article by Randy and responses from Rachel Bratt and others. You
could also join the Comm-0rg listserve and send an email to the
entire list asking for the suggestions of the other organizers
and academics who are on the list. The magazine Shelterforce,
published by the National Housing Institute, has regularly
published articles on these topics.

An excellent article about this issue is the one by Margaret Weir
in the book Urban Problems and Community Development, edited by
Ferguson and Dickens, published by Brookings Institution a few
years ago. I wrote a reaction to her piece that appears in the
same book. Her piece is very thoughtful and covers a lot of
territory. I wrote a report for HUD (when Cisneros was Secretary)
on what HUD could do to encourage community organizing, that
outlined some of the differences and parallels between organizing
and development. It is called "Community Empowerment Strategies"
and it appeared in HUD's journal, Cityscape. Here's the link:

There are a growing number of books and reports about CDCs, some
dealing with questions of empowerment, sometimes under the vague
rubric of "social capital."  I'd suggest looking at Susan
Saegert, J. Phillip Thompson and Mark Warren, eds., Social
Capital and Poor Communities; Robert Silverman, ed., Community
Based Organizations: The Intersetion of Social Capital and Local
Context in Contemporary Urban Society; Herbert Rubin, Renewing
Hope Within Neighborhoods of Dispair: The Community-Based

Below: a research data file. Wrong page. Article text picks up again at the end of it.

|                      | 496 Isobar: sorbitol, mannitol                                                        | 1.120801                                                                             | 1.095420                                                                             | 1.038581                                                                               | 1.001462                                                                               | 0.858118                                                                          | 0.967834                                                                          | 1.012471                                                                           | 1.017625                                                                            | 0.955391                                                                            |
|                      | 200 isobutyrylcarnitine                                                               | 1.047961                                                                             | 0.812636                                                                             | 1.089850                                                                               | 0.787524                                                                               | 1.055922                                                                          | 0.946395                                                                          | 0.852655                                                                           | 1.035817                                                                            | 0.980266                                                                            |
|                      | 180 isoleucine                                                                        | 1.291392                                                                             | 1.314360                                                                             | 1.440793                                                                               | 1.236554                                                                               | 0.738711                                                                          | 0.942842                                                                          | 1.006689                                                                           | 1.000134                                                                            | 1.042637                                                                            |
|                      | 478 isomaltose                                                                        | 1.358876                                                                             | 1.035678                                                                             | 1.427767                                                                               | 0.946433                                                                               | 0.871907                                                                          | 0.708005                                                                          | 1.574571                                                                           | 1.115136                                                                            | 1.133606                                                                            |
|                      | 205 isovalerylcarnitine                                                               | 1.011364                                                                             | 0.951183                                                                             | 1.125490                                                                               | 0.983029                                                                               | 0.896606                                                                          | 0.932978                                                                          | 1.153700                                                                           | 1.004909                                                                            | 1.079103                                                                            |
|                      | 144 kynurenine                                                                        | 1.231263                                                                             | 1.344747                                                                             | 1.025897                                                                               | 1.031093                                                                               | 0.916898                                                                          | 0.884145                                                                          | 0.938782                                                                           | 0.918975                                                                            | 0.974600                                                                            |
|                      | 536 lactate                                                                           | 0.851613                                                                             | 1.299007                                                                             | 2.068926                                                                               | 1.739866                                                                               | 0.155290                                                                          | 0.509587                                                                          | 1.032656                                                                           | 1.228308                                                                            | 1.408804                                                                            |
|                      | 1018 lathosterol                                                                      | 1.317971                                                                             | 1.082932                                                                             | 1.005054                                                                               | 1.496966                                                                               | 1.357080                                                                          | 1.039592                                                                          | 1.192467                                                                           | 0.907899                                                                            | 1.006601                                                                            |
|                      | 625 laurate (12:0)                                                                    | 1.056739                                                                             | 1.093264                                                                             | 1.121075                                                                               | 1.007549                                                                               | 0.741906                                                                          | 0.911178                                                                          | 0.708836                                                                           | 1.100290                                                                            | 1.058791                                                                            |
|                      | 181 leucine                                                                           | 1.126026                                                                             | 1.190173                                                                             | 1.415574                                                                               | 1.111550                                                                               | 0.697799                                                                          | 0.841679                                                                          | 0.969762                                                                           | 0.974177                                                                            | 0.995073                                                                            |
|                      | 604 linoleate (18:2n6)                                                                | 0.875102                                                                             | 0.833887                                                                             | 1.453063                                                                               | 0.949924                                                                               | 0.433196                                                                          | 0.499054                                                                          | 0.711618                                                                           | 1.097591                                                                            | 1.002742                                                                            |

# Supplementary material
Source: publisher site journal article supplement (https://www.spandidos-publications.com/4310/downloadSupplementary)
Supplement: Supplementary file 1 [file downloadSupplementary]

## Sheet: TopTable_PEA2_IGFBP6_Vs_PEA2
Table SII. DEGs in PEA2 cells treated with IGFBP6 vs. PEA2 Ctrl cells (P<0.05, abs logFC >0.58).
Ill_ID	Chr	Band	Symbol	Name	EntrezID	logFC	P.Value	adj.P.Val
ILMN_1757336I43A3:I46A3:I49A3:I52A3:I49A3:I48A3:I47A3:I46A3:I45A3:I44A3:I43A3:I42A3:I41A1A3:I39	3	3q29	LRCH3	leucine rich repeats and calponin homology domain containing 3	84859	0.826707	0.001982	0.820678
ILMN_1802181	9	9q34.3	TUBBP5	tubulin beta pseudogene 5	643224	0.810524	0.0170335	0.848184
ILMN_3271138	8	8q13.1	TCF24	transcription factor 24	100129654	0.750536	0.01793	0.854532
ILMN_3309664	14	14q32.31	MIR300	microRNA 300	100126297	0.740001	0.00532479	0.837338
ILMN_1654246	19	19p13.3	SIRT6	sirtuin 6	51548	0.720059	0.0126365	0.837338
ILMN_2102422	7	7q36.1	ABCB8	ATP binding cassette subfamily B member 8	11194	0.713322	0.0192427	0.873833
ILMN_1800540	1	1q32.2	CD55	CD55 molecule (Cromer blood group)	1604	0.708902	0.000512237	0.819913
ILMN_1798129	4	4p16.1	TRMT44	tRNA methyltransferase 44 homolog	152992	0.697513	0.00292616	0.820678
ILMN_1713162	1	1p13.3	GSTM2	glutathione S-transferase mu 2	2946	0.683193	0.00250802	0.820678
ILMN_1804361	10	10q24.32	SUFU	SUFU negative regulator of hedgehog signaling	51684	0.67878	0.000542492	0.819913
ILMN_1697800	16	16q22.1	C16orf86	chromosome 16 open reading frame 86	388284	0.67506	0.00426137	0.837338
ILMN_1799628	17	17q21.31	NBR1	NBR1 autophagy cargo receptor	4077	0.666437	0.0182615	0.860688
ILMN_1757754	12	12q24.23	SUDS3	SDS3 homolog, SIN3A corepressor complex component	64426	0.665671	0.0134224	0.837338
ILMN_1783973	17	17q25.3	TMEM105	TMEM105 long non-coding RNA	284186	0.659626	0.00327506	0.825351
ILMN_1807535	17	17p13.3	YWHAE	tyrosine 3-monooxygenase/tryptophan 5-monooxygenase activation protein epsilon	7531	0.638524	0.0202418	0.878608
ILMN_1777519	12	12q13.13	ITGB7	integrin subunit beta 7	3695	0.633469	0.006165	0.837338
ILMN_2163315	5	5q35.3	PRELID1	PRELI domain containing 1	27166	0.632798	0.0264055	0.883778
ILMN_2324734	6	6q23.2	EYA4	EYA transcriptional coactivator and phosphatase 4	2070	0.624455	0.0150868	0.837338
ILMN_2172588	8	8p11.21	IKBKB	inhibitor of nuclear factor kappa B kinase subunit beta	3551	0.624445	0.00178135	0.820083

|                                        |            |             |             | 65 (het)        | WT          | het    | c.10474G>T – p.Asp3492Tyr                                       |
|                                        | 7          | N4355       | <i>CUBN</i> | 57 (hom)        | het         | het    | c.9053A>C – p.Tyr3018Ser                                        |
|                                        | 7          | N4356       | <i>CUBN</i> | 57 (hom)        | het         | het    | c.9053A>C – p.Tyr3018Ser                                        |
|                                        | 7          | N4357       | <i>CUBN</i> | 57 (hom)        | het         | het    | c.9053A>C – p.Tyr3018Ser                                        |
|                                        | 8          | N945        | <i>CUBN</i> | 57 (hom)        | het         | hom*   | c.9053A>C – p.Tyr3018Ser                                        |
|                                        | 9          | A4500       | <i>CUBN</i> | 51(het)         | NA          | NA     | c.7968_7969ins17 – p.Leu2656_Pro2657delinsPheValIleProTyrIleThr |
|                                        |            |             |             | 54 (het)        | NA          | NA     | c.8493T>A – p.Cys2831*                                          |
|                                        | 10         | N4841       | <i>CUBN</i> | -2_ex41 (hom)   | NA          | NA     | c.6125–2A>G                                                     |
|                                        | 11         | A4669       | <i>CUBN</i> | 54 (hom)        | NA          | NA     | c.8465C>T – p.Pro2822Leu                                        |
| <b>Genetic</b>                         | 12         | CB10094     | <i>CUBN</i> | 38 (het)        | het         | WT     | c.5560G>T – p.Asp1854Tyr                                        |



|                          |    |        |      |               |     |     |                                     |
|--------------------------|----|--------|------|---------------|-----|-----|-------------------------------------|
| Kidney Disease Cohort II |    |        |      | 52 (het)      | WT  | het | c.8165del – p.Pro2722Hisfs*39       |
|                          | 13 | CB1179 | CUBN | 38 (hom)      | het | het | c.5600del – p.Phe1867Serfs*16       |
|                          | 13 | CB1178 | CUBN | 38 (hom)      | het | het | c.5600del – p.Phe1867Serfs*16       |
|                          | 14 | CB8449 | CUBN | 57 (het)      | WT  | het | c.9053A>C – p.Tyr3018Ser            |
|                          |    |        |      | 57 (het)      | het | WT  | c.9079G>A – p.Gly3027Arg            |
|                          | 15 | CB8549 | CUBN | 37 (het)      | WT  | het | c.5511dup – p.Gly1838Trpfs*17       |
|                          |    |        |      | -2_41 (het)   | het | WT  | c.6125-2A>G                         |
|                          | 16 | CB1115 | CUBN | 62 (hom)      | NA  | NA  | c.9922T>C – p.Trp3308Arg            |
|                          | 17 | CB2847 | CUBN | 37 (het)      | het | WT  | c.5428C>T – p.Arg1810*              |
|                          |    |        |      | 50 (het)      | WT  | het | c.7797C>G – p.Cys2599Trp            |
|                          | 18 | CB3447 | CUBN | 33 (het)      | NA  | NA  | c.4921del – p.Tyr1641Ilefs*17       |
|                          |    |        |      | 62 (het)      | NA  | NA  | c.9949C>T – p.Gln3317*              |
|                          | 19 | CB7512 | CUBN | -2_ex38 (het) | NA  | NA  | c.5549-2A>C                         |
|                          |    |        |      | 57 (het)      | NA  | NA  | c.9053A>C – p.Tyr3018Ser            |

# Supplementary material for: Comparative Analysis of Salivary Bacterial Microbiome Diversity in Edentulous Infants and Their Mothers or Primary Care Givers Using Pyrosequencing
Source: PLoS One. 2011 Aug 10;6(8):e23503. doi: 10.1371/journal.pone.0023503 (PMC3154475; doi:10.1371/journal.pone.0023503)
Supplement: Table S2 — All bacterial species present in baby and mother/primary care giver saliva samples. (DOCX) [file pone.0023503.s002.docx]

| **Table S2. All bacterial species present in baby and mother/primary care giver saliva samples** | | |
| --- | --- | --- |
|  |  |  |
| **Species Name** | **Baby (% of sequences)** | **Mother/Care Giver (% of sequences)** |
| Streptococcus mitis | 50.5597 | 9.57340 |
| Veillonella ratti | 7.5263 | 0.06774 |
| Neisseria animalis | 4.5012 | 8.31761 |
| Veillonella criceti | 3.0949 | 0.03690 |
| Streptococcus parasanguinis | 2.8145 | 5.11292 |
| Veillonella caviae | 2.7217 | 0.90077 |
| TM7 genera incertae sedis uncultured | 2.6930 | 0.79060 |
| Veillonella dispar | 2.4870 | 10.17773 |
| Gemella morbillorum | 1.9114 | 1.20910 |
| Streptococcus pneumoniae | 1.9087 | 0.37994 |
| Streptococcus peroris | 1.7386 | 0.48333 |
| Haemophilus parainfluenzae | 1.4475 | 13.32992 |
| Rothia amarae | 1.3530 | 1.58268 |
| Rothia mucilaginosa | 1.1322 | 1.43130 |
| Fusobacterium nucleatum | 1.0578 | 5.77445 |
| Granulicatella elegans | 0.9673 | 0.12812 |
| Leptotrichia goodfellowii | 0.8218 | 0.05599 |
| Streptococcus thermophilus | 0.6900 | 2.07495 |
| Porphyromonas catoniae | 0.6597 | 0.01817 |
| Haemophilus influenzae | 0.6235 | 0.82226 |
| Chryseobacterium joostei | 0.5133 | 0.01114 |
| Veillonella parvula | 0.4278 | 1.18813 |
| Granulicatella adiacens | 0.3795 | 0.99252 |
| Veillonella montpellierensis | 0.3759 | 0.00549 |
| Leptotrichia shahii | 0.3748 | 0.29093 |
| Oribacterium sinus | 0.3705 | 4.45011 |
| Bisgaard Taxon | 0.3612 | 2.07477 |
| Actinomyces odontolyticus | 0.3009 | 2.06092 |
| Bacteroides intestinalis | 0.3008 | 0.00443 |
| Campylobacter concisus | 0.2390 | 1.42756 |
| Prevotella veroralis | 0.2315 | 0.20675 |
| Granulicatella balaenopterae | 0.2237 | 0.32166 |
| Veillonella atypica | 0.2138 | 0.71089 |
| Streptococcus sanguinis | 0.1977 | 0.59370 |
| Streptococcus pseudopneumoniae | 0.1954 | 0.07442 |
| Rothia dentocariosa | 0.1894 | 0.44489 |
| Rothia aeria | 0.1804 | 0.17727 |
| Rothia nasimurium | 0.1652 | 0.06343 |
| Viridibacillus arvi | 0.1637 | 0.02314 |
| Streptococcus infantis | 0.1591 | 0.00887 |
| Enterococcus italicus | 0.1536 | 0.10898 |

Development Model; and Randy Stoecker's Defending Community. Two
other books on this topic, which I haven't read yet, are:
Building Community Capacity by Robert Chaskin, and three other
authors; and Organizing for Community Controlled Development by
Patricia Murphy and James Cunningham.  Christopher Walker at the
Urban Institute has written some very useful reports on the
status of CDCs in the U.S.; you can find them at the Urban
Institute's website. The journal Housing Policy Debate has also
published quite a few article

The best book on the history of community development is Robert
Halpern, Rebuilding the Inner City.  Two recent books on this
topic that are bit more upbeat than I think is warranted, but are
nevertheless useful overviews of the role of CDCs in community
development, are Alexander von Hoffman's House by House, Block by
Block, and Paul Gorgan and Tony Proscio's Comeback Cities.  And,
I might humbly suggest that you look at my book, Place Matters,